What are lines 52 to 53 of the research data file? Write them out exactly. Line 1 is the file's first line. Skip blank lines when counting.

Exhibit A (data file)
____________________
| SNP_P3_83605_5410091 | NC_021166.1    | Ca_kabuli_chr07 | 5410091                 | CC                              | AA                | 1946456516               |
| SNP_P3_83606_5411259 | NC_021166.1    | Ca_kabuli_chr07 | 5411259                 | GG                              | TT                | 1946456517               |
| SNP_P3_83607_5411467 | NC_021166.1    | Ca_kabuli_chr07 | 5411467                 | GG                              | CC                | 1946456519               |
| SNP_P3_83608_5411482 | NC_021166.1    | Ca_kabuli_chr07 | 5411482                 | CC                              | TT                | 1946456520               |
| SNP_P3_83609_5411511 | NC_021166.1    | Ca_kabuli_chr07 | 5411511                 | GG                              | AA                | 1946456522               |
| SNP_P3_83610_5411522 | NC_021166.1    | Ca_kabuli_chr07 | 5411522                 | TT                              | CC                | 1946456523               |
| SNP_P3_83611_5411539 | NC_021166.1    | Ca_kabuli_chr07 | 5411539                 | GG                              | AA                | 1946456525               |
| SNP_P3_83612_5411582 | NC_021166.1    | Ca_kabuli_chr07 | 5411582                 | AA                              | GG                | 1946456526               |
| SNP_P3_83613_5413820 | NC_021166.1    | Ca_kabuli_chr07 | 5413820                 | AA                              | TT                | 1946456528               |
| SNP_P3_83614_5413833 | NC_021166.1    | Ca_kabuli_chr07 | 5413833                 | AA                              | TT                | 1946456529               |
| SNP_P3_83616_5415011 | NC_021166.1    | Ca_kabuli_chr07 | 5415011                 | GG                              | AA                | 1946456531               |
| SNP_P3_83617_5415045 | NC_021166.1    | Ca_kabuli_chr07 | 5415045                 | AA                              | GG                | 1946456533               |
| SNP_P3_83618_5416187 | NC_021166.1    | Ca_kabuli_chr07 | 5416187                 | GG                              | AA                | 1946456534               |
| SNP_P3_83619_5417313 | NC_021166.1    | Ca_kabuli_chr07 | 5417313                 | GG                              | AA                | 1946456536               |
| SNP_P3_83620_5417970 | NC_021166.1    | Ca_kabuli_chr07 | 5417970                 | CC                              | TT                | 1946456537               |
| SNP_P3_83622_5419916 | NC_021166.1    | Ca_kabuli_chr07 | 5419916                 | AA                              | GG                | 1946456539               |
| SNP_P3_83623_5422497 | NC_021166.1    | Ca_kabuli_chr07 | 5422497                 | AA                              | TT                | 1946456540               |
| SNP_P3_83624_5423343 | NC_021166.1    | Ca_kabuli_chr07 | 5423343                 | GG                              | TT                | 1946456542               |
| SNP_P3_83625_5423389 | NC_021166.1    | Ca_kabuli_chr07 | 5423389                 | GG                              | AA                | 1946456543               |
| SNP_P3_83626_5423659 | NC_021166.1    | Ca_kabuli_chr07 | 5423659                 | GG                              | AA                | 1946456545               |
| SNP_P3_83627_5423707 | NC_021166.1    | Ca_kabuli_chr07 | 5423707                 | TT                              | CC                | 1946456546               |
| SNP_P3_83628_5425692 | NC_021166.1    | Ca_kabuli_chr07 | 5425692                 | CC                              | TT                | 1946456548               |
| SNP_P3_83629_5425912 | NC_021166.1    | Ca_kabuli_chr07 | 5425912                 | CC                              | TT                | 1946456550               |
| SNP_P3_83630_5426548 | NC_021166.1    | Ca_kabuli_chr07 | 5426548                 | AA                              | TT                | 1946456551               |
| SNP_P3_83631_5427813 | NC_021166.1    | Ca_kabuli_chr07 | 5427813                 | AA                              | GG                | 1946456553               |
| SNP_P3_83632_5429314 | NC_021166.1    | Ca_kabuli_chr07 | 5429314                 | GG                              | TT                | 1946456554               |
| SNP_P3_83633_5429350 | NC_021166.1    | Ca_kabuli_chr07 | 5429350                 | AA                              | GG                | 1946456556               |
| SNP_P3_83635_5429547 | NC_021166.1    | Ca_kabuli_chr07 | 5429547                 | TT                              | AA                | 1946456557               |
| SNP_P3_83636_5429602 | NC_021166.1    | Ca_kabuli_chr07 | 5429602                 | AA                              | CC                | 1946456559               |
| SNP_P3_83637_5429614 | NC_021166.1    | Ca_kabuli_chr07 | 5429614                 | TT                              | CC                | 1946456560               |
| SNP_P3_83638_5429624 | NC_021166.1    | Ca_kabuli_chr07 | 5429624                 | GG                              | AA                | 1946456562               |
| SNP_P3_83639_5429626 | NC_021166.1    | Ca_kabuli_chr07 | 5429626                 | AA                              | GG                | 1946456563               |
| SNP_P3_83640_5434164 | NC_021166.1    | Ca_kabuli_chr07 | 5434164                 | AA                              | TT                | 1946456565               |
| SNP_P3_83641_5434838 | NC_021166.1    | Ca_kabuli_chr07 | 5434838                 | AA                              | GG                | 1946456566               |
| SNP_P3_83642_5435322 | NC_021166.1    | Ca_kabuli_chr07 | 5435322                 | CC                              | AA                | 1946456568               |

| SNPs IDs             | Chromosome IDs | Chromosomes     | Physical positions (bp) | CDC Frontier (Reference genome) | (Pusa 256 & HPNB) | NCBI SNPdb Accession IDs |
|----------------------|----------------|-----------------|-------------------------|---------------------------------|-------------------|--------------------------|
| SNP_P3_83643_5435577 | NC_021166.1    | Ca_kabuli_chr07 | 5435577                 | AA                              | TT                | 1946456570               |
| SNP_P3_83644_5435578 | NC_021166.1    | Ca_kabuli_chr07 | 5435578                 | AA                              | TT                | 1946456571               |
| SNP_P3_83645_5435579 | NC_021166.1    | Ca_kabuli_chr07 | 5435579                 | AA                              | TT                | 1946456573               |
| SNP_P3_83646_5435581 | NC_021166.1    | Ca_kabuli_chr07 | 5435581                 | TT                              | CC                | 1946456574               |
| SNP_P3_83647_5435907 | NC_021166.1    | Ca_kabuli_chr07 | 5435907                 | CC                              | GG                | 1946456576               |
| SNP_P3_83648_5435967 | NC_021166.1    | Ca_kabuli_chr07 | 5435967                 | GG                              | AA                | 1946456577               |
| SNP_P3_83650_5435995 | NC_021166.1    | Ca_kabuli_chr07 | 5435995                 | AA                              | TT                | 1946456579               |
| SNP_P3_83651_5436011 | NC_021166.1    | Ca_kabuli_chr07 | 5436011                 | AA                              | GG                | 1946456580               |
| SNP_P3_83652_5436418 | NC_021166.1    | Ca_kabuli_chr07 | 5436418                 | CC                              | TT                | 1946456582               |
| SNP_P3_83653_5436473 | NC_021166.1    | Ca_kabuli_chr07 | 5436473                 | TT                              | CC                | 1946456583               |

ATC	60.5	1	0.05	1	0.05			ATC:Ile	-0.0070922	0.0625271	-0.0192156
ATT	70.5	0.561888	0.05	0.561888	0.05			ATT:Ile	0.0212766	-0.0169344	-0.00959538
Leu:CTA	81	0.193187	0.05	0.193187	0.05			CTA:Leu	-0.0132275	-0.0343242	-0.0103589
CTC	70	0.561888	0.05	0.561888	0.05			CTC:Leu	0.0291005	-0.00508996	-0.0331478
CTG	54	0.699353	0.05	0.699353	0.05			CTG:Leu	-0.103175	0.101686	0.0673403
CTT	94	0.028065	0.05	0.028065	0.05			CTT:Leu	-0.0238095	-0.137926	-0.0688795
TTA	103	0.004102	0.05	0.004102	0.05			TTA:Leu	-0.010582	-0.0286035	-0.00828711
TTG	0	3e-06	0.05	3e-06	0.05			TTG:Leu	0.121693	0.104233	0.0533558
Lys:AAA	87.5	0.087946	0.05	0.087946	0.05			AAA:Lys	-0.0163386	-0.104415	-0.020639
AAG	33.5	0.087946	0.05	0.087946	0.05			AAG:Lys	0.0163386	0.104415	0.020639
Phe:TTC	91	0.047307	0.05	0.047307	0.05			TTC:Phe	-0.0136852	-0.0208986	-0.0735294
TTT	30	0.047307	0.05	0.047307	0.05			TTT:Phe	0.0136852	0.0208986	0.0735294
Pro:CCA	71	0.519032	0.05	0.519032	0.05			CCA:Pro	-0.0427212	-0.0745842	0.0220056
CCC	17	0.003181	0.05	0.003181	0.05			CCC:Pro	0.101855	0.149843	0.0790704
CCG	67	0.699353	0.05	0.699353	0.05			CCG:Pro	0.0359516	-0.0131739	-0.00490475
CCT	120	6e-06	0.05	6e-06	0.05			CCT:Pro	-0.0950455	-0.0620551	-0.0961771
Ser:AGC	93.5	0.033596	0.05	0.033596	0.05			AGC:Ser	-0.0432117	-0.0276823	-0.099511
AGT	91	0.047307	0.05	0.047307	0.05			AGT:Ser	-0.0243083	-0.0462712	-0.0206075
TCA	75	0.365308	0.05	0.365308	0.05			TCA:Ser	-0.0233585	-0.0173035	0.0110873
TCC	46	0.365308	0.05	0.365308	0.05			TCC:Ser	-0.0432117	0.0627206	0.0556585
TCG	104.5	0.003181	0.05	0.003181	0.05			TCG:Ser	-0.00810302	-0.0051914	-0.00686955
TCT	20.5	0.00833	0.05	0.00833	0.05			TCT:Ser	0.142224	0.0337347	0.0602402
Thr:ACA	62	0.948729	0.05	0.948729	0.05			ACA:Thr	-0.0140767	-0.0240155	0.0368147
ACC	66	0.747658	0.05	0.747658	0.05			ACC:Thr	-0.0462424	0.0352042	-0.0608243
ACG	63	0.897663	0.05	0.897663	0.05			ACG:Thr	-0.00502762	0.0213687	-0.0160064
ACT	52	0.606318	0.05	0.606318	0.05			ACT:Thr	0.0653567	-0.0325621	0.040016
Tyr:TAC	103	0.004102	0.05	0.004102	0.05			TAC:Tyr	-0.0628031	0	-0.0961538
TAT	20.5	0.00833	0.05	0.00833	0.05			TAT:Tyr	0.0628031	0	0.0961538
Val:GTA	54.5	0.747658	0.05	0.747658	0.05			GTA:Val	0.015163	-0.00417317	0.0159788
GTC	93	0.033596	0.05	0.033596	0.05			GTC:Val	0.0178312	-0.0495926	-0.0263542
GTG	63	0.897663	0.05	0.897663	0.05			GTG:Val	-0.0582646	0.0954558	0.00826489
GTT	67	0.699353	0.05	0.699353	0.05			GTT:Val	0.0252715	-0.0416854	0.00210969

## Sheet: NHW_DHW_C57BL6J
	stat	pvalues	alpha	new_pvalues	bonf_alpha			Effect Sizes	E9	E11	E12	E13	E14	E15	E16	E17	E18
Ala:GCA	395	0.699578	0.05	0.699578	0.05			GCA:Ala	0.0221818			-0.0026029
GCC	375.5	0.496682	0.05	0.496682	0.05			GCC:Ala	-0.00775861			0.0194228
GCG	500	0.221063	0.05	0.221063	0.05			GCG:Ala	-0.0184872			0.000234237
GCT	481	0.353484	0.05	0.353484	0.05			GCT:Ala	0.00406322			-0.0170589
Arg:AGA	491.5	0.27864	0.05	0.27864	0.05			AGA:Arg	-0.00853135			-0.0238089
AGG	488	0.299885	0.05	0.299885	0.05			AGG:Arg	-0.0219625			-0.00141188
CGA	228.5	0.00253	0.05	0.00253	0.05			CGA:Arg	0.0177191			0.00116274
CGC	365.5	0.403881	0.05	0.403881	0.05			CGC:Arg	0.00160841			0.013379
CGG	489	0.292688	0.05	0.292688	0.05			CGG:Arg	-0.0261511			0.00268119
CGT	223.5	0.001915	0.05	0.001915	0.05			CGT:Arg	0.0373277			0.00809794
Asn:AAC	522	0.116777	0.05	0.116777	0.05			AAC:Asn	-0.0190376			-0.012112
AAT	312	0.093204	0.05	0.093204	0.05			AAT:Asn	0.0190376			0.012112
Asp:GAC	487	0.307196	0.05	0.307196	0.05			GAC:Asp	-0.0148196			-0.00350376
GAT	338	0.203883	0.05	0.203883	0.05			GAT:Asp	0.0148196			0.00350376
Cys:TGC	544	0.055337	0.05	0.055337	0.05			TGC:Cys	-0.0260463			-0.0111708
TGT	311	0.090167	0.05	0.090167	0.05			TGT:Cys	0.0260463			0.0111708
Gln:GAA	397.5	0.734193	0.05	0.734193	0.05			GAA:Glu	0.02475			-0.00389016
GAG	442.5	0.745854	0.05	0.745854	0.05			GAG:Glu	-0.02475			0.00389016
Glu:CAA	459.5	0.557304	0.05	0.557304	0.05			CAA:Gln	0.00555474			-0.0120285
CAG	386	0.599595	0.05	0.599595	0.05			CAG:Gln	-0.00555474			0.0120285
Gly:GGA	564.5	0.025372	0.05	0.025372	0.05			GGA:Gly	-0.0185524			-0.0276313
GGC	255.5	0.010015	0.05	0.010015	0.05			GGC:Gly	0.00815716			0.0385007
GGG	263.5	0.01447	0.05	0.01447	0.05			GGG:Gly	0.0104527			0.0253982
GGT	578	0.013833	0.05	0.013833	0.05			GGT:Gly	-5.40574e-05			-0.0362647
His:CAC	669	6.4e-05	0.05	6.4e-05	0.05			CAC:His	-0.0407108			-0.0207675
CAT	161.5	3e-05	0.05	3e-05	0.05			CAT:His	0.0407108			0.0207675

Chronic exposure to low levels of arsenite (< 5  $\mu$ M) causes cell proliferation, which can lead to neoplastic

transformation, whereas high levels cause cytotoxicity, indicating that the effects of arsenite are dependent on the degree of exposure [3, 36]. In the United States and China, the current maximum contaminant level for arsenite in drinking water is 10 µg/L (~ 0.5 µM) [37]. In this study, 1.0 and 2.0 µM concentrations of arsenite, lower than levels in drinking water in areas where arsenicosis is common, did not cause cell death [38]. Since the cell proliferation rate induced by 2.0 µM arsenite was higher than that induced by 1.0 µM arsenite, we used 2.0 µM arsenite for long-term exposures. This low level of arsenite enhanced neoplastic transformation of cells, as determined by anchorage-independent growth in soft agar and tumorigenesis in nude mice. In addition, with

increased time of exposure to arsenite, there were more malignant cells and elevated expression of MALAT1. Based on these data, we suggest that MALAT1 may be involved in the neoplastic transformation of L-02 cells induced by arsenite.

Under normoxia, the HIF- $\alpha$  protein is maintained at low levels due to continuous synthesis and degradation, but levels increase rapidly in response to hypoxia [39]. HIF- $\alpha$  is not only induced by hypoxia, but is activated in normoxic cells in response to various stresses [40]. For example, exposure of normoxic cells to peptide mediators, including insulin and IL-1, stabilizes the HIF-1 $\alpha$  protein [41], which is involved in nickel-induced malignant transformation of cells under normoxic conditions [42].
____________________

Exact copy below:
CTG	54	0.699353	0.05	0.699353	0.05			CTG:Leu	-0.103175	0.101686	0.0673403
CTT	94	0.028065	0.05	0.028065	0.05			CTT:Leu	-0.0238095	-0.137926	-0.0688795